Does virtual reality aid in realistically testing the acceptance of new innovations? – A case study on the acceptance of air taxis

Innovations in the area of mobility often take years, sometimes decades, to become reality. Developing technologies over such long time spans is a risk, since it is unclear whether the public will accept the new technology, once available. This raises the question whether it is possible to evaluate the acceptance of a technology, which cannot yet be tested under real live conditions. Industry and researchers have come up with different solutions to this challenge, using descriptions, sometimes pictures and increasingly also videos and virtual reality demonstrations of the new technology.

Research question

So far it is not known whether these different methods of showcasing technology impact the factors that lead to acceptance or rejection of new technologies. In order to arrive at a more correct evaluation of the acceptance of a new technology, it is important to understand what effect the method of showcasing itself has on the user.

Method

The study design included a laboratory experiment with three independent groups, whereby each of the groups was presented the concept of air taxis either via a picture, video, or virtual reality (VR). First, participants were given an informative introduction to air taxis, whereupon they were randomly assigned one of the three forms of media referring to a flight between the German cities Bonn and Cologne (solely Bonn for the VR group). Participants then rated items in regards to the level of immersion, the importance of sustainability, innovativeness, and the acceptance factors intention to use, performance expectancy, effort expectancy, hedonic motivation, social influence, reliability and trust as well as experience with videogames (for picture and video groups) and VR. Ratings referred to a 1-7 Likert scale (completely disagree to completely agree).

Example screenshot of a VR air taxi flight

 

Descriptive statistics

In sum, 191 students (VR: 65, video: 64, picture: 62) took part in the study via Unipark, whereas the mean age of participants was 22 years (SD=2.63) and the majority (64 %) were female. While the respondents would pay 65 € on average for an occasional flight between Bonn and Cologne, they would pay 36 € for flights on a regular basis. In addition, most students had little to no knowledge about air taxis (87 %). The participants rated sustainable consumption as highly important (M=5.16, SD=1.16), but showed medium innovativeness (M=2.98, SD=0.9). Experience with VR was rather limited (M=2.03, SD=1.13) in comparison to experience students had with videogames (picture group: M=3.34, SD=1.3; video group: M=3.05, SD=1.36).

Key Findings

  • More than 75 % of respondents could imagine what it would be like to fly in an air taxi, while this perception was significantly more realistic for the VR group. Yet, the groups did not differ in their intention to use air taxis.
  • Most participants (61 %) reported that they plan on using air taxis in the future while approximately 70 % could imagine implementing them at least on a regular basis.
  • The type of media and the resulting perceived level of immersion led to higher hedonic motivation for the VR group compared to both other groups.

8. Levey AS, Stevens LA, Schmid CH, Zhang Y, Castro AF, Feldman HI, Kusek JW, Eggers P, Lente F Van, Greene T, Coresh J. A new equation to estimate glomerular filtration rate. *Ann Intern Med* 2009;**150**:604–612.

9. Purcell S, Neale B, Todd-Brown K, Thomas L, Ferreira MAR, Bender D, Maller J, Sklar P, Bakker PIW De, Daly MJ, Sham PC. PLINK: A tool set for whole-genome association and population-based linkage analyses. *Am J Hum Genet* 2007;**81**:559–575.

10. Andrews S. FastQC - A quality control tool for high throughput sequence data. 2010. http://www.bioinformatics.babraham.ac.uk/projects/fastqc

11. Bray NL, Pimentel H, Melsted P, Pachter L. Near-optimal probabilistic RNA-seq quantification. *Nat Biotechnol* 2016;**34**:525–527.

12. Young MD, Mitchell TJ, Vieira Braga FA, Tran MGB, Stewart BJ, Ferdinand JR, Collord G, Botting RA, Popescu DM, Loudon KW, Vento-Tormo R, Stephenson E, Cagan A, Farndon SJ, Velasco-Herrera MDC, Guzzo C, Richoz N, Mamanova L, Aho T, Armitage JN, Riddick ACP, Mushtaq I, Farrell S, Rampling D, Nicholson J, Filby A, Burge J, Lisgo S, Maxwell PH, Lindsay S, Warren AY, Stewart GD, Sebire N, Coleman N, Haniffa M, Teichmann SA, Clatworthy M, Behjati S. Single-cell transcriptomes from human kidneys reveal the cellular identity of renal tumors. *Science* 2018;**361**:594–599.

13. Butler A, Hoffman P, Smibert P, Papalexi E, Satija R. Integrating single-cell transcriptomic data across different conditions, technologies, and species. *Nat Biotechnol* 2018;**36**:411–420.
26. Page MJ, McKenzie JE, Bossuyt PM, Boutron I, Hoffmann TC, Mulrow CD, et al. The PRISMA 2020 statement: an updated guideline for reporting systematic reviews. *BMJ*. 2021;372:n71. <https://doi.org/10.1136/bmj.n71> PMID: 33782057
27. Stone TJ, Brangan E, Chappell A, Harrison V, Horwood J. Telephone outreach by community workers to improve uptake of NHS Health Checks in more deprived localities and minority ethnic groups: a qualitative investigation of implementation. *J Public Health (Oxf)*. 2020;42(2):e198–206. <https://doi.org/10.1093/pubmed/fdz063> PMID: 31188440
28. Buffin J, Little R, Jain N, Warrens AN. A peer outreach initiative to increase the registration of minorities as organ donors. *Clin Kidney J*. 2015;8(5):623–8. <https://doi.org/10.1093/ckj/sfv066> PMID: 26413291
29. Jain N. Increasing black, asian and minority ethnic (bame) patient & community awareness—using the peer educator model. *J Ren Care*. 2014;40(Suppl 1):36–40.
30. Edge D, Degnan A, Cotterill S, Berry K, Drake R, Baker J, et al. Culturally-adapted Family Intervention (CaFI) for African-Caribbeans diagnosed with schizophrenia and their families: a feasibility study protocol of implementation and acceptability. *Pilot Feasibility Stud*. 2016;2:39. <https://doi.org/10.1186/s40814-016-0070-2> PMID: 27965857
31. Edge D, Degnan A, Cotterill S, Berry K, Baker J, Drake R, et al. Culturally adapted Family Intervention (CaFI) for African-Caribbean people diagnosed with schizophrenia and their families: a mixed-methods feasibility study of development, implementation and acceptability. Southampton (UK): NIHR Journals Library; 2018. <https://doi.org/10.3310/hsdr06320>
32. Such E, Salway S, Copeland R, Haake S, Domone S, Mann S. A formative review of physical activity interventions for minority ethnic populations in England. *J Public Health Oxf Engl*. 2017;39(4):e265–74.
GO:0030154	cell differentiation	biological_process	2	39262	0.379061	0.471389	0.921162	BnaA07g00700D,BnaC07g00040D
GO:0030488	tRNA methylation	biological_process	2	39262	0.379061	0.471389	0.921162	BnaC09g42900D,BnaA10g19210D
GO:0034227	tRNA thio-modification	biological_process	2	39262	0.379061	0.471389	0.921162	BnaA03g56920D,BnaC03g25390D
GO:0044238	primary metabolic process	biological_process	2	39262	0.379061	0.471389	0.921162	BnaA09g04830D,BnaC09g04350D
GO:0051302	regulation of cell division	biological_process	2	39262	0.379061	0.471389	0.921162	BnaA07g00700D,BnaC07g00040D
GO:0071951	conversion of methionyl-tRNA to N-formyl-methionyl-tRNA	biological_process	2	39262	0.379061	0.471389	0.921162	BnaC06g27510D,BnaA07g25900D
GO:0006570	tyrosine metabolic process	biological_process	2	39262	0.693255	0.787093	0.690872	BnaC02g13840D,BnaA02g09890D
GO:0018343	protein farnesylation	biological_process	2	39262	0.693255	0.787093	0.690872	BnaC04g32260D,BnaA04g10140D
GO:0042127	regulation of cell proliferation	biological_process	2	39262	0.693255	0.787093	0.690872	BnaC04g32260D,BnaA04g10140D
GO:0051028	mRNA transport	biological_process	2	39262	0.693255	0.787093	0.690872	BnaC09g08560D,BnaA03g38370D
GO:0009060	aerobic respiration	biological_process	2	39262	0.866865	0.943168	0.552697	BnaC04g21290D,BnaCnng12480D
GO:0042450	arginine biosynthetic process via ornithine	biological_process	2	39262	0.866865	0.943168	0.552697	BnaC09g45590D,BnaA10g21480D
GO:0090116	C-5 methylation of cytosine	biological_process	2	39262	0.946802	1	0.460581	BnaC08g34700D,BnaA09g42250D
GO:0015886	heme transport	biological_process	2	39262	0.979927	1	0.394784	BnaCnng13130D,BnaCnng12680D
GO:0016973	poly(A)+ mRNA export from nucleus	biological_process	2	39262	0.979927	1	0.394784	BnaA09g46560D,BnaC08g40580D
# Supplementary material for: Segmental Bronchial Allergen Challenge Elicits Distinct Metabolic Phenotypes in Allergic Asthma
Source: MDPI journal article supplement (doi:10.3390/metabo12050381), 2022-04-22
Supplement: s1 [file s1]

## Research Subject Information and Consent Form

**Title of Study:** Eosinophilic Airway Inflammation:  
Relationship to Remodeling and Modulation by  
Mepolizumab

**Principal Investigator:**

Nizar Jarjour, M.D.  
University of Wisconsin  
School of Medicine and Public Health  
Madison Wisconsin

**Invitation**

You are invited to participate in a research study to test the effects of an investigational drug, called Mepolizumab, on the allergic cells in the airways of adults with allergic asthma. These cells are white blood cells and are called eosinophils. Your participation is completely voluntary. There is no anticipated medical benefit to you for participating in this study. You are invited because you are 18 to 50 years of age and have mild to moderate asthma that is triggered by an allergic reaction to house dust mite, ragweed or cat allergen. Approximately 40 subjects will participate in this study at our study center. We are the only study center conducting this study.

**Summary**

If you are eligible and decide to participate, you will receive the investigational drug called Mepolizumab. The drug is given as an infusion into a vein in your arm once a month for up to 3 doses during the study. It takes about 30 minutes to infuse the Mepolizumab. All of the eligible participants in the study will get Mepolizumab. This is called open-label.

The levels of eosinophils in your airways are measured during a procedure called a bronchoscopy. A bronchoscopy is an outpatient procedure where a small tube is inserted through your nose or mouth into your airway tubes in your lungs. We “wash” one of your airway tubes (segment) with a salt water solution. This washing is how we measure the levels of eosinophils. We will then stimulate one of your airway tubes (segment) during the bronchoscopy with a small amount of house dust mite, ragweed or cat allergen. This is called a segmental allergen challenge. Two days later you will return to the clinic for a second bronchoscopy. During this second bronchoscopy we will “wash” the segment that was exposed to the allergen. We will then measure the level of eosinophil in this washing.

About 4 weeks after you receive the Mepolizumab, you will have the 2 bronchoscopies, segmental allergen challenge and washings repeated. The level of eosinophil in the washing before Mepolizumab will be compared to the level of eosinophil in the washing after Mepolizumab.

• Respondents allocated to the VR group have more trust in automation than the other groups.
  • Overall, the acceptance factors effort expectancy, performance expectancy and social influence are significant predictors for the intention to use air taxis.
  • In regards to the VR presentation of air taxis, social influence and reliability were significant factors, whereas performance and effort expectancy were significant for both, the picture and video group.

Conclusion

As indicated by previous research [e. g., 1, 2], this study showed that immersion, or sense of presence is higher in a VR setting than other forms of media. Interestingly, there was no difference between the picture and video group, which lets us draw implications for practice independent from air taxis. For instance, it appears that marketing efforts undertaken by companies do not necessarily have to be more successful if video content is included besides pictures. In addition, as shown by other studies [3, 4], social influence plays an important role when it comes to VR. Yet, these studies rather focus on the social influence related to interaction solely between subjects in the virtual space. Hence, one of the group‘s next studies will spotlight the impact of different forms of media and social influence on the intention to use air taxis.

References

[1] Yung, R., Khoo-Lattimore, C., & Potter, L. E. (2021). VR the world: Experimenting with emotion and presence for tourism marketing. Journal of Hospitality and Tourism Management, 46(July 2020), 160–171. https://doi.org/10.1016/j.jhtm.2020.11.009

[2] Mostajeran, F., Krzikawski, J., Steinicke, F., & Kühn, S. (2021). Effects of exposure to immersive videos and photo slideshows of forest and urban environments. Scientific Reports, 11(1), 1–14. https://doi.org/10.1038/s41598-021-83277-y

[3] Hartl, E., & Berger, B. (2017). Escaping reality: Examining the role of presence and escapism in user adoption of virtual reality glasses. Proceedings of the 25th European Conference on Information Systems, ECIS 2017, 2017, 2413–2428.

[4] Shen, C. W., Ho, J. T., Luong, T. H., & Kuo, T. C. (2017). Behavioral intention of using virtual reality in learning. 26th International World Wide Web Conference 2017, WWW 2017 Companion, 129–137. https://doi.org/10.1145/3041021.3054152